The basketball team opened its season with a win against Trinity University Nov. 18 at home in a non-conference match. “It was good,” senior guard Zane Johnston said. “We got an early win. A lot of the new guys played really well, and our defense made a big lead in the beginning.” Though the team brought back nine players, they have only 46 career starts combined, which means fans will see many changes from last season’s play. “This year’s team has 12 new faces. There are no similarities,” Head Coach Ken De-Weese said. The Cru graduated 10 seniors last year, but will bring back four seniors, including guards Zane Johnston and Reshaud Jackson, and forwards Rich Moore and Ervin Johnson. “It’s a challenge,” Johnston said. But he and the rest of the team are hopeful. “We have three seniors right now, and one more after football is over. We have a lot of transfers coming in with experience, and we’ve been playing as a team for several months now.” The team’s record last season was 19-8 overall and 16-5 in American Southwest Conference play. Players advanced to the semifinals of the ASC Championship Tournament before falling 65-60 to U.T.-Dallas. However, this year the team was picked to win the ASC West Division in the league’s annual Preseason Coaches and Media Poll. “People don’t know what we have because we have so many new people,” Jackson said. “We come from different places, but we play well together and have a good chance.” He said the team’s expectations are high. “We’re bigger than we’ve ever been and faster,” Jackson said. “I’m impressed. We’re way ahead of schedule from where we are normally at this time of year.” The team’s goals include qualifying for the ASC tournament, winning ASC West Division, winning the ASC Post-Season Tournament and qualifying for NCAA Tournament. DeWeese said the team will face challenges in pursuit of its victories as normal. “Putting together a team that is competitive for post-season position, planning to win, keeping people healthy and happy on the team and keeping a team together … is challenging enough, and the obstacles and adversity are there every day,” he said. They are looking forward to a good season. Johnston said, “We’re excited where we’ll end up in conference.” UMHB will face ASC Champion U.T.-Dallas Nov. 28 in...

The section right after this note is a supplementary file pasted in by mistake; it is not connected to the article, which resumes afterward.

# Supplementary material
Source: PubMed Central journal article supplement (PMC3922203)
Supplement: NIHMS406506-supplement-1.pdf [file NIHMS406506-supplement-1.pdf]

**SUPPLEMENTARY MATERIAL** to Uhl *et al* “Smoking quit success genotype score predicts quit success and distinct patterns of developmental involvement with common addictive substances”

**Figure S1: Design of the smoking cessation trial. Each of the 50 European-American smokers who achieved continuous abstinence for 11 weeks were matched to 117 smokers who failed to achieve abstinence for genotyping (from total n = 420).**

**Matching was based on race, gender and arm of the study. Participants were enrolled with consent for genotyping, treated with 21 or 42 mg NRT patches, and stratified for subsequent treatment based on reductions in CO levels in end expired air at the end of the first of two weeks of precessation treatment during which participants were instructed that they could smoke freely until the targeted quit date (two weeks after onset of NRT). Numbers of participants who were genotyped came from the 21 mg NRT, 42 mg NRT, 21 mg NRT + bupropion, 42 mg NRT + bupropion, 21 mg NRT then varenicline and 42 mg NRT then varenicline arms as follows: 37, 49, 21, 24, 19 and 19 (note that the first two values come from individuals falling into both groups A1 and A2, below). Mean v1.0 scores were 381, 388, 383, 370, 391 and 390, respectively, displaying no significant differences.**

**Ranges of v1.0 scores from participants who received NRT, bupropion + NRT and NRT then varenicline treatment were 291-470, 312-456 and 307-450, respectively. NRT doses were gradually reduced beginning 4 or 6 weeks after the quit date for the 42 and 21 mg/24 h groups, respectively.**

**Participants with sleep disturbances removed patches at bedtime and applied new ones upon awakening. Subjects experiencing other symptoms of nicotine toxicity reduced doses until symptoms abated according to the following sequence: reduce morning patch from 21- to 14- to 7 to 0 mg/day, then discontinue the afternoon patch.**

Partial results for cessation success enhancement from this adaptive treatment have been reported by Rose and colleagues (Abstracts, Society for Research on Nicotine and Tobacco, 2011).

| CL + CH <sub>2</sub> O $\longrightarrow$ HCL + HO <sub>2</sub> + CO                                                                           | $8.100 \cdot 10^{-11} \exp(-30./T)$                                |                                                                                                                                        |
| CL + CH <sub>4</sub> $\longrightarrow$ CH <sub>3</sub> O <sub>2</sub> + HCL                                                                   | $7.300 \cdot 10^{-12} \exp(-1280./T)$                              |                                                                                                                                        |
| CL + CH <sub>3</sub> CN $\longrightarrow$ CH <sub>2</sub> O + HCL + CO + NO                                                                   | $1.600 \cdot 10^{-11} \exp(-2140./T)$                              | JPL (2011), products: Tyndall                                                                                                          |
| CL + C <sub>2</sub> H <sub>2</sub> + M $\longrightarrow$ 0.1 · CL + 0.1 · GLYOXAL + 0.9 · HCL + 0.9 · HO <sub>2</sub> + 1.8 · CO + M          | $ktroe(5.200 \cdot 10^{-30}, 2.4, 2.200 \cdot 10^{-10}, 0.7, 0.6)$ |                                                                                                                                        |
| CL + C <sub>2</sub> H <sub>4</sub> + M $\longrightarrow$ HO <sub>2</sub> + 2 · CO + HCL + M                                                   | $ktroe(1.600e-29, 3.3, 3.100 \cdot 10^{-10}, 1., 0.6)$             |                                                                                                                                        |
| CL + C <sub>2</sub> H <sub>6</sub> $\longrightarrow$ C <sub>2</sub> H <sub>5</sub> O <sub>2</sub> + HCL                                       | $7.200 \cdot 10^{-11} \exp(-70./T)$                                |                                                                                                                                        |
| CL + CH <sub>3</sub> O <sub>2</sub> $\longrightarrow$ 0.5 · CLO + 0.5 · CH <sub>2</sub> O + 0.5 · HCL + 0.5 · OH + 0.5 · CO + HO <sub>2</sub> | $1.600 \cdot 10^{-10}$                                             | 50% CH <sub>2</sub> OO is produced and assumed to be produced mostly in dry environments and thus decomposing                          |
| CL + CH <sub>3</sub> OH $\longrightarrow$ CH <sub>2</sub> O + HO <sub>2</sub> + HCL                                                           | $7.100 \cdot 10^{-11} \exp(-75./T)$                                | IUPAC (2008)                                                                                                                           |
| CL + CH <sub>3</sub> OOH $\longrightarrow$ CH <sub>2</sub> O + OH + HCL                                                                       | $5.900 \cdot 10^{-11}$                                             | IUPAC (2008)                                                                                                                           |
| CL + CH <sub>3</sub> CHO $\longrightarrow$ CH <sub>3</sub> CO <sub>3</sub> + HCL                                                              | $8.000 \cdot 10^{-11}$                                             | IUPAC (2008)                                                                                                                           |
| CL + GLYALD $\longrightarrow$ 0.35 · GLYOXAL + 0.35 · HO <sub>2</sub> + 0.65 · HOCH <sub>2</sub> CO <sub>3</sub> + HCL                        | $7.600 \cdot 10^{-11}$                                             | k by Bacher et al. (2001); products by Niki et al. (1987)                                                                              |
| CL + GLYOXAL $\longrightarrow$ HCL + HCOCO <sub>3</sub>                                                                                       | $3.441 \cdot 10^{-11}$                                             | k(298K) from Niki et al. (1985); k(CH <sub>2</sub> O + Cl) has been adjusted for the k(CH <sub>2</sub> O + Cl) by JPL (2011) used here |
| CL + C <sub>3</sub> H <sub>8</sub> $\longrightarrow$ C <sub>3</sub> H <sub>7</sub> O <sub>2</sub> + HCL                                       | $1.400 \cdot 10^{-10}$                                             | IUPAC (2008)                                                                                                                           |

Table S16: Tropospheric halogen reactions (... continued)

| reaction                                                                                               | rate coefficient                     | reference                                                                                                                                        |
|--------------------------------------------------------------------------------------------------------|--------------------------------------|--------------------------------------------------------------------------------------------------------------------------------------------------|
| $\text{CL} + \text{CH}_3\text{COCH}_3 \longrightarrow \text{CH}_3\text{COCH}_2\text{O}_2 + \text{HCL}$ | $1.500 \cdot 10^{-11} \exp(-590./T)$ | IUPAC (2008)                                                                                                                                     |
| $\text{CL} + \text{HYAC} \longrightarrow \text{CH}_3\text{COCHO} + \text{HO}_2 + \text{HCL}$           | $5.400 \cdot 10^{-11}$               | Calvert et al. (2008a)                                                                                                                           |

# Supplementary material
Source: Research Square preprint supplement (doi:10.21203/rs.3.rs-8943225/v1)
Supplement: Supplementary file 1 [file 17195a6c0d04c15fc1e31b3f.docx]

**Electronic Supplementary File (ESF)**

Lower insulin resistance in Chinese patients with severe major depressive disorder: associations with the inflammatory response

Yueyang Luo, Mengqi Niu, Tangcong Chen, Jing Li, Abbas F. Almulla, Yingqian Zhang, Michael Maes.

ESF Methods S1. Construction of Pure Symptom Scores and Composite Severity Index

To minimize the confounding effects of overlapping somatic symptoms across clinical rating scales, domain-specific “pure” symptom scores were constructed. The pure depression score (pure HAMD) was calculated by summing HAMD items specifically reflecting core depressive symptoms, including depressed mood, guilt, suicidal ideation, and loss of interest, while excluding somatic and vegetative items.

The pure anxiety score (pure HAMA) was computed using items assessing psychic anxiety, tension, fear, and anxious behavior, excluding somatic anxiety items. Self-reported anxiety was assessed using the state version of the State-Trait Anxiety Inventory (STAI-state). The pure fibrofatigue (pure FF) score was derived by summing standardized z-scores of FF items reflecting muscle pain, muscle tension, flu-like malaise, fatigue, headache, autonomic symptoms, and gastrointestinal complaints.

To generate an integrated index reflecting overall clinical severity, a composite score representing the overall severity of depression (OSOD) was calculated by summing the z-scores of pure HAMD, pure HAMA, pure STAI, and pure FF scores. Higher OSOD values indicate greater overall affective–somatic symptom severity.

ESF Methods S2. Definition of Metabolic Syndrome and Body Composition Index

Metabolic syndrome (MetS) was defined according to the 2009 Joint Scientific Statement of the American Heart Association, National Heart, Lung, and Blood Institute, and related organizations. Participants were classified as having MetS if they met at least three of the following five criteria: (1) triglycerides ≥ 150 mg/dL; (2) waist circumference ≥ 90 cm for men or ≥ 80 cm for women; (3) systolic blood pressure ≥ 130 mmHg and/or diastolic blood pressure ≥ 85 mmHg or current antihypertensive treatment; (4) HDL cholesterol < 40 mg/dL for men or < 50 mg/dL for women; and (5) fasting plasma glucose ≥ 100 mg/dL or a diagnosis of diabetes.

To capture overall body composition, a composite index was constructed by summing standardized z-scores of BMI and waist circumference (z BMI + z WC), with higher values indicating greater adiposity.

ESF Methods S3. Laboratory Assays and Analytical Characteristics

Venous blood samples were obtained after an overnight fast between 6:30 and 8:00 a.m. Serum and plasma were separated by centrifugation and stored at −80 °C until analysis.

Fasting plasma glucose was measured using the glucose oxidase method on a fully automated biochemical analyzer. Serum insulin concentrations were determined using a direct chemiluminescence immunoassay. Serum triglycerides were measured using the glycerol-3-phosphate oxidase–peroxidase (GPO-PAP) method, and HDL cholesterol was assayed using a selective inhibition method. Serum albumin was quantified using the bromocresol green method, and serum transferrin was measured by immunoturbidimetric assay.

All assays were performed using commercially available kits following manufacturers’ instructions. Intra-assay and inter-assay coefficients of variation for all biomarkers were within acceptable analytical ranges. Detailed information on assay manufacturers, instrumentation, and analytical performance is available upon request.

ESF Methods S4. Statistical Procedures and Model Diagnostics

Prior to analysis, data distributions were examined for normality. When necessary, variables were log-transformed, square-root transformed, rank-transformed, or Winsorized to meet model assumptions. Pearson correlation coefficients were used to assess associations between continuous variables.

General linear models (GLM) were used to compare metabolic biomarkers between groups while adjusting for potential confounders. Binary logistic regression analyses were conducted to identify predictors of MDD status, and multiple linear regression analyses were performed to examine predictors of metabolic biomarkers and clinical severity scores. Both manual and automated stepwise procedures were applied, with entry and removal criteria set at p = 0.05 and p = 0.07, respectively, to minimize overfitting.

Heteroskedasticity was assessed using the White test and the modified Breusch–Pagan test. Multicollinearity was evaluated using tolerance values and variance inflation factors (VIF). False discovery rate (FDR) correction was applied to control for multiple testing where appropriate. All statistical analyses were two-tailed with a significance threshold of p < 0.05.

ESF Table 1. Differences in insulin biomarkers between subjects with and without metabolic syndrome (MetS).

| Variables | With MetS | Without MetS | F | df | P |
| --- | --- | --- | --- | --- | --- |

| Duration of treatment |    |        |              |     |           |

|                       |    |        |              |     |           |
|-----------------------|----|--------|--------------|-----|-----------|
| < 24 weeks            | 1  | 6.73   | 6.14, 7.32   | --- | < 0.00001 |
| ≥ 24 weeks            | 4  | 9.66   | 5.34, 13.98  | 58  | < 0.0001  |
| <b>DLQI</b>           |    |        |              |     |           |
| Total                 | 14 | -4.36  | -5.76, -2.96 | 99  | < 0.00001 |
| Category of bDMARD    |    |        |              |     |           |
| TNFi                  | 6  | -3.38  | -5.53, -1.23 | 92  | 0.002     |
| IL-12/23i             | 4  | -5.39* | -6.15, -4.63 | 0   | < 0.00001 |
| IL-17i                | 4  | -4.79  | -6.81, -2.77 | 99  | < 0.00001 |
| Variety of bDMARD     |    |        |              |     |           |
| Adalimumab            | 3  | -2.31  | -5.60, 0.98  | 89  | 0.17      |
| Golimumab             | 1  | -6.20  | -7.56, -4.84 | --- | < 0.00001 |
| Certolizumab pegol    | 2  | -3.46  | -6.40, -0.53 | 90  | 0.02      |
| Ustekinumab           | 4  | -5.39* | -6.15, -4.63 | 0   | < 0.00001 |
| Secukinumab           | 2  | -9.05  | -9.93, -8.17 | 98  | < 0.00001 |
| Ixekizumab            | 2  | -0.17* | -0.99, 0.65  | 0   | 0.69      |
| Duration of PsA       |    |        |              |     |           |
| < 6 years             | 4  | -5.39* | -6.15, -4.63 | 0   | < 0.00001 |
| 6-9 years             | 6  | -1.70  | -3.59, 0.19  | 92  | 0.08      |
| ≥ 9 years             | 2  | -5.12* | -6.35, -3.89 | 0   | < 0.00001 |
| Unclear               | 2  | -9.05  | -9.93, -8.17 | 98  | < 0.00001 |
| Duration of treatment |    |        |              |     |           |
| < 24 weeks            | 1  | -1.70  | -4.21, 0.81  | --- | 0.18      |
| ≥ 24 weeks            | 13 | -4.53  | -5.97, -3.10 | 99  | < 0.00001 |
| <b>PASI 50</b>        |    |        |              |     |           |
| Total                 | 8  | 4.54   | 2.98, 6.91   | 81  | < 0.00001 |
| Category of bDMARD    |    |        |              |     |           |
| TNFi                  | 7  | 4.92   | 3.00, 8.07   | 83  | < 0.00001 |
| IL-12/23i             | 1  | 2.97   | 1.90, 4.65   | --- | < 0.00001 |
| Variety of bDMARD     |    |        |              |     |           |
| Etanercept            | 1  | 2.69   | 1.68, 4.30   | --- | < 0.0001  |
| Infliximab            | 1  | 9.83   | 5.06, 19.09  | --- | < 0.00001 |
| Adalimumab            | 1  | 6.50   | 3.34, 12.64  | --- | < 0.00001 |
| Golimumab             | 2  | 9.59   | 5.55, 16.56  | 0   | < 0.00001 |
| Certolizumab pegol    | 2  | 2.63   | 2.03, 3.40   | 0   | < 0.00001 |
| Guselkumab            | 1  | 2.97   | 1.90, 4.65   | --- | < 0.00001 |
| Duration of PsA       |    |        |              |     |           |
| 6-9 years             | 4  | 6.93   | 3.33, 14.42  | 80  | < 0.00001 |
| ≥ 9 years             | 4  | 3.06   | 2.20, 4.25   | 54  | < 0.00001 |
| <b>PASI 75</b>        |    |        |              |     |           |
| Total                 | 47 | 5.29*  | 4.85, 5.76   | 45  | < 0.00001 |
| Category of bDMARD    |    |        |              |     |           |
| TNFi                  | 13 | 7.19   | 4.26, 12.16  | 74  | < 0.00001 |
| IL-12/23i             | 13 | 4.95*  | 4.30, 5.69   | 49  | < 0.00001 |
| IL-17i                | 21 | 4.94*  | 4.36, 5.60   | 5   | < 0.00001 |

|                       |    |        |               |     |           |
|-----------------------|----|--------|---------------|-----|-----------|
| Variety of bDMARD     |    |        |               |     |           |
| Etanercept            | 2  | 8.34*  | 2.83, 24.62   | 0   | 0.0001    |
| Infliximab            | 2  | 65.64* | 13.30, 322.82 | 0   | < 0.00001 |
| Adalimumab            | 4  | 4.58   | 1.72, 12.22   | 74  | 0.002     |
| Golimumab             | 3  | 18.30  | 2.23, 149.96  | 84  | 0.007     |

Read More
Baptist convention inspires, encourages
Nov24

Baptist convention inspires, encourages